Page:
White et al. have raised a number of concerns about the findings of our systematic review [1]. However, we do not believe they have substantiated their claims with quality research evidence. Our systematic review aimed to assess the best available scientific evidence concerning the effectiveness and safety of different drugs in preventive chemotherapy for Taenia solium taeniasis in endemic populations. The advantage of systematic reviews over selective reporting of the research evidence is that they seek to minimize bias and use transparent methods to find all research that meets pre-defined inclusion criteria. Our systematic review used the highest quality systematic review methods [2] and the limitations of the review and of the included studies are discussed. We note in the abstract, results and discussion that the results have a low certainty of evidence due to a high risk of bias in the included studies and heterogeneity in combined estimates. We also discuss the issues regarding the lack of sensitivity of microscopy and non-use of a species-specific diagnostic test (we present the different diagnostic methods used in S1 Table of the paper) [3]. We believe that we have presented a transparent and balanced account of the available evidence.

In relation to some of the specific points raised by White et al. we note that we have presented the meta-analysis results stratified by drug and dose to allow the reader to identify any important differences in effectiveness, which was the aim of the review. It was not possible to further stratify the results by the diagnostic test used due to the relatively small number of studies. However, more important than the diagnostic tests used is the fact that all studies had a high risk of bias due to issues such as lack of randomization, incomplete outcome data and lack of blinding of outcome assessors [3]; a fact also acknowledged in the abstract by the statement that the “findings have a low certainty of evidence.” And this low certainty of evidence is independent of drug and dose used.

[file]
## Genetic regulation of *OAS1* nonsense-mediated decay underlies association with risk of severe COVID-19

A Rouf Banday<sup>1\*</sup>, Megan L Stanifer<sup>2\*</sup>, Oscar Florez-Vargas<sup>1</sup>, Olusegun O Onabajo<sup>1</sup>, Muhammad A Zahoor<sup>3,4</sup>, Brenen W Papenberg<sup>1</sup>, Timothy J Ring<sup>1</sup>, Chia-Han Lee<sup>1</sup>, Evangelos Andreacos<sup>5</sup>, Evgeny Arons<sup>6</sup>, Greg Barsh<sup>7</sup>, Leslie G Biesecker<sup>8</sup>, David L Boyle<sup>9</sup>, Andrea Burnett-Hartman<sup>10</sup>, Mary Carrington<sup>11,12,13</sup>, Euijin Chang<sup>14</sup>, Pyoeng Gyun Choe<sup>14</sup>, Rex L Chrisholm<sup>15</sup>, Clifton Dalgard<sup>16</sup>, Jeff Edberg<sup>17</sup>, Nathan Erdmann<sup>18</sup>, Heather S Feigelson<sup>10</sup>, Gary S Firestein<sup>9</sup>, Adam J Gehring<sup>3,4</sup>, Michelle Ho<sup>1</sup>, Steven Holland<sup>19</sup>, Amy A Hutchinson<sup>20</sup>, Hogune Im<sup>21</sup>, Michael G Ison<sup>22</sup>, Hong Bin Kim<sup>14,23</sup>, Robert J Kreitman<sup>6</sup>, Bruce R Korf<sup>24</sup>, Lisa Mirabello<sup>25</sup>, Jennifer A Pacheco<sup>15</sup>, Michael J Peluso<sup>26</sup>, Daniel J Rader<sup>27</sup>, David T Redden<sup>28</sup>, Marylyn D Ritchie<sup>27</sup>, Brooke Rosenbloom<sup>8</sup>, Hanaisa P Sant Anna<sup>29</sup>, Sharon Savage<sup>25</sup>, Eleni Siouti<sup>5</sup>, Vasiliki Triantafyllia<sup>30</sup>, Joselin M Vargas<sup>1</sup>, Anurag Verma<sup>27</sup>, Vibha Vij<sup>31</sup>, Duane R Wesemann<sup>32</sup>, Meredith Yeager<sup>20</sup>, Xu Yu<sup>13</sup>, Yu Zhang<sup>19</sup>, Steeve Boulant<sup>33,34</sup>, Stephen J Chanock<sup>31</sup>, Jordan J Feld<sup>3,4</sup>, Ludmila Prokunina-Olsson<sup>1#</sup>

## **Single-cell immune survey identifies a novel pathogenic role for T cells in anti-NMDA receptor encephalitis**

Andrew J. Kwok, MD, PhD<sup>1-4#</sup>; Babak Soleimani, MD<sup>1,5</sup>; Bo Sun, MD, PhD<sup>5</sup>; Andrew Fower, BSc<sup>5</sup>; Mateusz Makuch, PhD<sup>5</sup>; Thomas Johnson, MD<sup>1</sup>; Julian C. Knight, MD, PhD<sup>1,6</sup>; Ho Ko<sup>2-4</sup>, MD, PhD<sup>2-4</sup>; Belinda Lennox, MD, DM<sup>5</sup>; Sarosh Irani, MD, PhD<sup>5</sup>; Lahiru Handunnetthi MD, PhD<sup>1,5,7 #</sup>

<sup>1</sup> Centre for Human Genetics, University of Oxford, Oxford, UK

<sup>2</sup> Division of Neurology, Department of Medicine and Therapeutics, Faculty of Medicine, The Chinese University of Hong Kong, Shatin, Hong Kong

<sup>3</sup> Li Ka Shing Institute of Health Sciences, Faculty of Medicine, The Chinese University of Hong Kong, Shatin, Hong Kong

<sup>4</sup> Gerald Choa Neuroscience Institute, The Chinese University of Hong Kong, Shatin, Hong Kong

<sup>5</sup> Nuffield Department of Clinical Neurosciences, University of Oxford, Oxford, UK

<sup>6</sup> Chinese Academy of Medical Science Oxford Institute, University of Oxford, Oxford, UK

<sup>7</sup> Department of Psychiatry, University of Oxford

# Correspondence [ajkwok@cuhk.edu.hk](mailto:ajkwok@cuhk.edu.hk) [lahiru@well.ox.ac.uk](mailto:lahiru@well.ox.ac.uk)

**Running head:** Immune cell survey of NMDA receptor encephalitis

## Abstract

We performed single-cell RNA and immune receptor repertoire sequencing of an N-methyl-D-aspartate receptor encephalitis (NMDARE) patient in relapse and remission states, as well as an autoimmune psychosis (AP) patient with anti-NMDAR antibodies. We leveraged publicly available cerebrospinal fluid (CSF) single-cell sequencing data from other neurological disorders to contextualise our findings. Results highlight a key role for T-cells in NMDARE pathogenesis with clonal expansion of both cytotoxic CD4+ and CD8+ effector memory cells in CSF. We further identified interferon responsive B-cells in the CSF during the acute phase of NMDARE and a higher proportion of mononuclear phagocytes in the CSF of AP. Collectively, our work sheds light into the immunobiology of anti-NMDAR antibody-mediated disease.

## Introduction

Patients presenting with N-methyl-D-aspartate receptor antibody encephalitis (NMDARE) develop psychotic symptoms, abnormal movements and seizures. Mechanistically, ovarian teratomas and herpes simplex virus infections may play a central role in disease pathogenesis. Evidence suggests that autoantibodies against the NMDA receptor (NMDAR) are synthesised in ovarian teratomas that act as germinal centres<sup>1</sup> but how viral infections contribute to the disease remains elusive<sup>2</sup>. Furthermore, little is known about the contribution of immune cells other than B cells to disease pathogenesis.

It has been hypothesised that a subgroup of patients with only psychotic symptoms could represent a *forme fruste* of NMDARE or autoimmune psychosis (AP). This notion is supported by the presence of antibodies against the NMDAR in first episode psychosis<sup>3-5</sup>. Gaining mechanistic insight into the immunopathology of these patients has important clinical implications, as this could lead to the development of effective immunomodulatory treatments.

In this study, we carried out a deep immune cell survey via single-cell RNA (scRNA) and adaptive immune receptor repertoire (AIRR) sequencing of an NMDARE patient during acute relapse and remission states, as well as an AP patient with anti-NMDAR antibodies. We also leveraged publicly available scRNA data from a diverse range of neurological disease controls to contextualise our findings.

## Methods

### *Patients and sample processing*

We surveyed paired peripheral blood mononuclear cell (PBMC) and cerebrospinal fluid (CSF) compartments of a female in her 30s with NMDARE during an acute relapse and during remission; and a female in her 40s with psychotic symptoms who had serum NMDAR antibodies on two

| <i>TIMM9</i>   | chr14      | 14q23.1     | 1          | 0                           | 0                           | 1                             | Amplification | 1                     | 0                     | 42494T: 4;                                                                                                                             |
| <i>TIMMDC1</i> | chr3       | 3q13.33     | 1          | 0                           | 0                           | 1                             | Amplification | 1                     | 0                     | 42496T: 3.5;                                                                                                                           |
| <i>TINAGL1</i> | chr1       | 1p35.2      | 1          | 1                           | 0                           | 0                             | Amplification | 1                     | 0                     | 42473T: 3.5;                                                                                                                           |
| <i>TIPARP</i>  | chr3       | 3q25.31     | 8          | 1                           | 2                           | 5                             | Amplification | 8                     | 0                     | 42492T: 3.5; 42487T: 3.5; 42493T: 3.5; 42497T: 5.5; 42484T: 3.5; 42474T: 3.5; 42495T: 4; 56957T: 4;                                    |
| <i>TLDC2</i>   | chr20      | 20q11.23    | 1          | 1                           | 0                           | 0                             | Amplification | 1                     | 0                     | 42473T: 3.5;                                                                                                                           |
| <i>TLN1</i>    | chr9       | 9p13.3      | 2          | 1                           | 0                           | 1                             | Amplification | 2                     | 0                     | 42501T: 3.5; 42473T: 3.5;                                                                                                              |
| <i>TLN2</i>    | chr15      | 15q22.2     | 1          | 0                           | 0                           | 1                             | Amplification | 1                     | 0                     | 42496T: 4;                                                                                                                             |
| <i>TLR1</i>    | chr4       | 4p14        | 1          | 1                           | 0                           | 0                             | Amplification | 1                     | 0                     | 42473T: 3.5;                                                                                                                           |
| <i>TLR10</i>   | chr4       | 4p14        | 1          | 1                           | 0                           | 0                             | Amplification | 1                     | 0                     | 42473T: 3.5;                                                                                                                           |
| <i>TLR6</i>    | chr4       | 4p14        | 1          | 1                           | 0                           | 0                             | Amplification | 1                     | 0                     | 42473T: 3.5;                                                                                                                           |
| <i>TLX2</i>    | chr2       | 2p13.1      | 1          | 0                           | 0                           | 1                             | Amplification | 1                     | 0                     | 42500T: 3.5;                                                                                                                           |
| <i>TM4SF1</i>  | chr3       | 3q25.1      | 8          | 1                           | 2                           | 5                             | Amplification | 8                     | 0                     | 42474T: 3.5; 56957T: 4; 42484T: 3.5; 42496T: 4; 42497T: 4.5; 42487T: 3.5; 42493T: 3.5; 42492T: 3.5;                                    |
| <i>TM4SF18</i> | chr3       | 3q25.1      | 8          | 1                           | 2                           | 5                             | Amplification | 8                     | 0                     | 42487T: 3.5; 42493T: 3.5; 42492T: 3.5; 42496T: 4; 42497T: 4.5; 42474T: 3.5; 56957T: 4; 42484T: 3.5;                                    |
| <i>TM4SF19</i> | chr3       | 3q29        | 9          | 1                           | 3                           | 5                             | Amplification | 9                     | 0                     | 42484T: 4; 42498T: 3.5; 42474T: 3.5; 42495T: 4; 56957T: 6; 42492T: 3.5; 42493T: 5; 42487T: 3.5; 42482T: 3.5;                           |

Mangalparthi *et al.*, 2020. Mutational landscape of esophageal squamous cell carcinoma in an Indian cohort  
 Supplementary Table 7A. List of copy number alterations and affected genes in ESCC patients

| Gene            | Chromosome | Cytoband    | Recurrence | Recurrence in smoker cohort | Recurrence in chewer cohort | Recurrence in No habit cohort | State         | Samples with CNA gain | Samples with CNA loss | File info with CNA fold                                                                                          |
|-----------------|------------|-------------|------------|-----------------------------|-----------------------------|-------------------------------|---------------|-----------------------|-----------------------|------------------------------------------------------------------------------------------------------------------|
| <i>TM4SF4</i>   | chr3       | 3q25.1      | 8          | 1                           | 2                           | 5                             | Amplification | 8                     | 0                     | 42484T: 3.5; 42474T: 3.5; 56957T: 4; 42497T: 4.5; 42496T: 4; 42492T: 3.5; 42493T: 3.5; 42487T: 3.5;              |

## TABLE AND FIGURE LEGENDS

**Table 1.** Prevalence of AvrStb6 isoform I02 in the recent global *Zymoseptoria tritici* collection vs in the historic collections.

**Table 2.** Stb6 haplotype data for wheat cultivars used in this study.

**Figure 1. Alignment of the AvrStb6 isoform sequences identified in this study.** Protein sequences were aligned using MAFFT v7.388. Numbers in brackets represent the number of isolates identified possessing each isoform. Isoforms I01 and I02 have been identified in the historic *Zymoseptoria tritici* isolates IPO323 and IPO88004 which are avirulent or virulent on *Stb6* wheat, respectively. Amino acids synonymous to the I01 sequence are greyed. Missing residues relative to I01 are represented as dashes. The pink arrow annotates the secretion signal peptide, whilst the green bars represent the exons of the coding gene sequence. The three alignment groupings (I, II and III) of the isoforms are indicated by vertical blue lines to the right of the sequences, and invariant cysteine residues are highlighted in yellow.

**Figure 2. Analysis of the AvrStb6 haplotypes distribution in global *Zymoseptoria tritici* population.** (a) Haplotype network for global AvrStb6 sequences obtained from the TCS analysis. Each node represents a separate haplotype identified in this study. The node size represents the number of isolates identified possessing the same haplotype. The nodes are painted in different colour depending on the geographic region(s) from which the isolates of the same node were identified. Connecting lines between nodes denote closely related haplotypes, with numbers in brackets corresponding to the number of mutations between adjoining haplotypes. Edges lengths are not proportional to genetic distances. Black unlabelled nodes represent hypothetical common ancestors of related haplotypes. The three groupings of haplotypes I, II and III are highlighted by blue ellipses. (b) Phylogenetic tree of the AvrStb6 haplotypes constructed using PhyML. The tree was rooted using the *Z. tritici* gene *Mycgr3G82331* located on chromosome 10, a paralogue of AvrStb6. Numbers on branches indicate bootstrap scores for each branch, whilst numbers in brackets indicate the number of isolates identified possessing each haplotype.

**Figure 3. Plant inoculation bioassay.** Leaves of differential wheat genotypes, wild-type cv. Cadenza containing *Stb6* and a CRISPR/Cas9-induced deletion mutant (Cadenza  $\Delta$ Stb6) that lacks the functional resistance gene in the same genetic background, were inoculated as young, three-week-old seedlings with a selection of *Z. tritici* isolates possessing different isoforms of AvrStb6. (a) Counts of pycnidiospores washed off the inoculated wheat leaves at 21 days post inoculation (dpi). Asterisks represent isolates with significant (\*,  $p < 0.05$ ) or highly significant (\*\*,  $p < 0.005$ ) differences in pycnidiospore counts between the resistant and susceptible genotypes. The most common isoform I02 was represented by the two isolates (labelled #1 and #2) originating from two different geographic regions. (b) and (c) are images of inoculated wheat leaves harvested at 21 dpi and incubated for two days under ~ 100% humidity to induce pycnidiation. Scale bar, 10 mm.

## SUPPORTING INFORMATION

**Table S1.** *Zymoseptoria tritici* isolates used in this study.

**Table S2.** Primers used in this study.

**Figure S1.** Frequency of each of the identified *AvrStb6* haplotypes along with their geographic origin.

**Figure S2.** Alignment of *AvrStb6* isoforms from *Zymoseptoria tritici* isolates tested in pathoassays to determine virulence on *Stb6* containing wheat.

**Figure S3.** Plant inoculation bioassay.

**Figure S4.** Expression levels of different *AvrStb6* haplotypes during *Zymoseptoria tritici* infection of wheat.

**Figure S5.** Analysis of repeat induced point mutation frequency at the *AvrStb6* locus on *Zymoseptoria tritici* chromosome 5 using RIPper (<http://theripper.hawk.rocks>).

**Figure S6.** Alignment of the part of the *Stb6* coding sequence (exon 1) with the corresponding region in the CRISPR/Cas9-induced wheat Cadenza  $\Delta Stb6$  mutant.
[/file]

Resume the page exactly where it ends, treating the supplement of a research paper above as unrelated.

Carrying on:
The possibility that albendazole (ALB) does not kill the T. solium scolex and egg shedding may still occur after treatment is raised by White et al. 2020, though not substantiated with research evidence. We were unable to find evidence to confirm this statement but note the findings of one study of mass drug administration (MDA) with ALB 400mg triple dose included in the systematic review that used both Copro-PCR and Co-Ag-ELISA [4]. The taeniasis results could not be included in the meta-analysis because interventions in pigs were also applied, thus making it difficult to attribute the results to the MDA. However, this study notes that: “None of the 11 taeniasis carriers identified in [pre-October] 2013 remained positive in [January] 2015.” This suggests that the MDA with ALB did kill the scolex as the January 2015 measurement was taken 10 months after the second MDA, which gives more than sufficient time for the scolex to re-grow a mature tapeworm and produce eggs had the scolex remained.